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Live Life Deliberately

Venus Williams, a champion in more ways than one, bows out at Wimbledon

WIMBLEDON, England — Appreciation for Venus Williams came in many forms over the weekend and into Monday, none more blatant than the shouts from a fawning crowd at Centre Court.

They started before a ball was struck in her first-round loss to Elina Svitolina and grew in volume and frequency after she took a nasty spill at the net 13 minutes in, screamed and clutched her already-taped right leg. Williams was briefly treated by a trainer, then got on with the match after a changeover.

“Take your time, Venus!” yelled one. Another chimed in: “Heart of a champion!”

Then there was, “You’ve still got it, Venus!” a few minutes later, in case the 43-year-old wearing the pearlescent white crop top and hip-hugging mini skirt didn’t already know.

Williams, a five-time singles champion here, enjoys the reverence of the masses, but it couldn’t help her overcome fellow wild card Svitolina. The 6-4, 6-3 loss was perhaps unsurprising to those not named Venus Williams, given that she only recently returned to tennis after a five-month absence because of a hamstring issue and has played a bare-bones schedule the past two years. The crowd applauded loudest at the end of her 24th appearance at Wimbledon, the most by a singles player in the Open era. She remains the Grand Slam record holder among active women with her seven titles.

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Yet it isn’t the memory of lifting a trophy that makes Williams most proud in the twilight of her career. That comes from her role as the driving force behind Wimbledon’s 2007 decision to begin awarding equal prize money to men and women.

“It was fantastic that the All England Club rose to that occasion upward of many, many years ago now, which I’m glad that so much time has passed since that moment,” Williams said before the tournament. “There are still a lot of struggles for women in the workplace and in life around the world, but for sports to take that lead is so important because everyone watches sports. That moment for me was incredible, and it’s still, like, the best moment of my career.”

Williams’s achievement is particularly topical this year for two reasons. June 21 was the 50th anniversary of the formation of the WTA, an effort spearheaded by Billie Jean King, Rosie Casals and Betty Stove, among dozens more. And last month, the WTA pledged to close the gender pay gap and raise the prize money of the tour’s biggest events to be in line with the men by 2033.

Women still compete for cents on the dollar relative to their male counterparts at many of the most significant events on the tennis schedule. This May in Rome, the winner of the ATP Masters 1000 event — a designation afforded to a tournament one level below a Grand Slam — earned $8.5 million. The winner of the equivalent WTA event won roughly $3.9 million.

When the renamed and revamped DC Open debuts later this month at Rock Creek Park Tennis Center as a combined 500-level event, the ATP tournament will boast a total financial commitment of $2,178,980 compared with $780,637 for the WTA event, sums that account for prize money and other costs of putting on a tournament.

Tennis has far to travel to equalize prize money across all levels. But thanks in large part to Williams, women need not consider the issue at any of the four Grand Slams.

The current generation of players feels so secure in the fact of pay equity at Grand Slams that, to many of them, Williams’s legacy is her enduring motivation, not her fight for equality. Asked how aware she was of Williams’s role in securing equal prize money at Wimbledon, 22-year-old top seed Iga Swiatek said she needed to brush up.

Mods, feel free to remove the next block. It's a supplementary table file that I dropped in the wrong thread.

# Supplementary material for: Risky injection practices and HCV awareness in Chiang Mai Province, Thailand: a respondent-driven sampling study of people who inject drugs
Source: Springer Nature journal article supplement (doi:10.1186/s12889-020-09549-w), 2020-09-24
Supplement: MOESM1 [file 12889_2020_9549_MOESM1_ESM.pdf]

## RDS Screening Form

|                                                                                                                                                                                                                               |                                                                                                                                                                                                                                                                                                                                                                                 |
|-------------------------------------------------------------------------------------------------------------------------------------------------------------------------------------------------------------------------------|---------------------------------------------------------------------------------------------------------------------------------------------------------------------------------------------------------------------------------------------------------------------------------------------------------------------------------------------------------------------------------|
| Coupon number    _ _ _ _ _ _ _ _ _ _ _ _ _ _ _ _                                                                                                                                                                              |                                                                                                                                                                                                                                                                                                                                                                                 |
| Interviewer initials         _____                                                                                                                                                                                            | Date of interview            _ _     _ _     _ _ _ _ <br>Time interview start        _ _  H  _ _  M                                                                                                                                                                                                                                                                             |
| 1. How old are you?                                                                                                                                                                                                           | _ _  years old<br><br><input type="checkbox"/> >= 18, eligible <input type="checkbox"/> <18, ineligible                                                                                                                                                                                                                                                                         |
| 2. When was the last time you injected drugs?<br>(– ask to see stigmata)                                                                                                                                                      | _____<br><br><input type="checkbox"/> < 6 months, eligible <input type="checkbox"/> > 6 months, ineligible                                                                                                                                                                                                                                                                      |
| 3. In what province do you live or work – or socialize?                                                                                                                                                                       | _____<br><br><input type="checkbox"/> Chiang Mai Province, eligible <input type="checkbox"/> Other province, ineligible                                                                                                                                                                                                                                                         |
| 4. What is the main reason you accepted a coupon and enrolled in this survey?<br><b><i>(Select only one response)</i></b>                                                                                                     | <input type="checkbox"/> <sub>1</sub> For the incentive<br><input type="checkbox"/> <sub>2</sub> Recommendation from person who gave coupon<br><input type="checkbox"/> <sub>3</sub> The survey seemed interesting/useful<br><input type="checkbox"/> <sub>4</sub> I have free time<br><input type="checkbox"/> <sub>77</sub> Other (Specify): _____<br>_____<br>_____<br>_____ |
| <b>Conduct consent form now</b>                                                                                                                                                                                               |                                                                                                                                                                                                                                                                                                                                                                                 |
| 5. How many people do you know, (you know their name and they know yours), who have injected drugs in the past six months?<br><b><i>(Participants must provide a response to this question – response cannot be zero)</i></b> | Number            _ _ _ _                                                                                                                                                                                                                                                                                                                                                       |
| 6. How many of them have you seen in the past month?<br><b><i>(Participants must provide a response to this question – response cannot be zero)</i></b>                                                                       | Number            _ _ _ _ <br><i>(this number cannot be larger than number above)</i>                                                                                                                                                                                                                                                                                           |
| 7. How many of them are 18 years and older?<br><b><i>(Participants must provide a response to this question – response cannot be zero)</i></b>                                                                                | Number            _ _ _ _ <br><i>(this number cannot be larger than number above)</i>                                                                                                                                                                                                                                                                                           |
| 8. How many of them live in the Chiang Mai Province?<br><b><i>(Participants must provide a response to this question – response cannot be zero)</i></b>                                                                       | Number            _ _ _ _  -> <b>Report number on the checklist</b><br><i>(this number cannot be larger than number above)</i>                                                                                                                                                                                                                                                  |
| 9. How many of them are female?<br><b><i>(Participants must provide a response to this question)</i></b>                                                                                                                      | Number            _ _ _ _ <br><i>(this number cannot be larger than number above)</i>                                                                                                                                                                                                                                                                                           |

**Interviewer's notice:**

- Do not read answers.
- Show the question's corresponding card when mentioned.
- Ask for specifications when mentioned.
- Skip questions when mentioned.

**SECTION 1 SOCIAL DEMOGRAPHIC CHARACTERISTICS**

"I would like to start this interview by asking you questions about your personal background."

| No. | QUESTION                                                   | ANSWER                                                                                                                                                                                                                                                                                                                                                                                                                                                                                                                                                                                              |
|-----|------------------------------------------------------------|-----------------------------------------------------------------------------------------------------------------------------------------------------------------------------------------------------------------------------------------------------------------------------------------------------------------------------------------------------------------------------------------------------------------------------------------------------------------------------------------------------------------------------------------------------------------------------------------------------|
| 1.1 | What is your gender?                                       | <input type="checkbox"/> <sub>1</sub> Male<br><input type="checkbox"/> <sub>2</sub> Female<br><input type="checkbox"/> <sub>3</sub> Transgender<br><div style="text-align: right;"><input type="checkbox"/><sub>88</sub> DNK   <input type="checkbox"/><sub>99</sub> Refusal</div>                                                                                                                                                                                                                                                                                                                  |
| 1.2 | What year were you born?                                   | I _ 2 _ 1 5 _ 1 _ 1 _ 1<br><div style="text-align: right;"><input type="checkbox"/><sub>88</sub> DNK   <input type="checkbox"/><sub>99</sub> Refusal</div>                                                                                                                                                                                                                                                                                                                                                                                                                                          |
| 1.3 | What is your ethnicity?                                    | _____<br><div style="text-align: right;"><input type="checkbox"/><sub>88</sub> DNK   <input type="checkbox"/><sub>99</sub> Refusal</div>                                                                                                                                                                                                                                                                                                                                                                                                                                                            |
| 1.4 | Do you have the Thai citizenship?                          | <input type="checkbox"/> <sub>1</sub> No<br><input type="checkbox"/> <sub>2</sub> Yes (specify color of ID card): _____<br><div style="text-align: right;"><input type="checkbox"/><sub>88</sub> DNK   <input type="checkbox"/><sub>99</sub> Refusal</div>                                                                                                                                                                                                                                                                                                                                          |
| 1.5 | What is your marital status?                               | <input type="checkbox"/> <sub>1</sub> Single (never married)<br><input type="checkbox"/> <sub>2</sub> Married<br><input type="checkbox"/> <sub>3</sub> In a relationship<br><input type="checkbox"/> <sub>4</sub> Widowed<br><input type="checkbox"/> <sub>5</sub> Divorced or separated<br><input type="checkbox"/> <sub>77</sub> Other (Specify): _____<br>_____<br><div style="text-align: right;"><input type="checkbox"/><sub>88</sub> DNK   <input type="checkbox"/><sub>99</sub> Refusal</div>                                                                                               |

“I should be more aware, I got to tell you honestly,” Swiatek said. “I was, kind of, 6 years old [in 2007]. When I came on WTA Tour, I don’t know, I’m too young and it felt like it’s obvious that we have equal prize money, but I know it wasn’t like that. It still isn’t like that on some tournaments.”

To Williams, Swiatek’s ignorance is victory twice over.

“I don’t think any woman should have to worry about if they’re getting paid equal,” Williams said Monday. “I’m very happy that no woman again at a Grand Slam has to even concern herself with that. She can just play tennis.”

Bitter rivals. Beloved friends. Survivors.

Playing tennis is precisely what Williams would like to continue doing, by the way, if these injuries could please leave her alone. Swiatek and 19-year-old Coco Gauff said they admire Williams’s love of tennis all these years later; Williams confirmed as much after Monday’s loss. The former Grand Slam champion described herself as “in shock” multiple times after her in-match fall, given how well she had been playing at the start.

These were not the words of someone willing to give in to physical failings, no matter how long she has been in the game. Did she think about stopping the match because of her injury?

“No. I was trying to figure out how to win the match, try to fight to live another day,” Williams said.

Was this loss harder to deal with because she knows she has fewer matches ahead than behind?

“What makes this one hard to process is I’ve had so many injuries. I’ve been missing from tour for quite a while,” she said. “This is not what I want for myself.”

What Williams said she wanted in the moment was “to figure out what’s happening with me and move forward” — to more matches, more records, more standing ovations. Williams has already stretched her career so long that she has made a different positive impact on different generations, which may be the ultimate privilege for any athlete — to be remembered as a defining character without being defined by a single thing. So she plans to carry on, as she always has.


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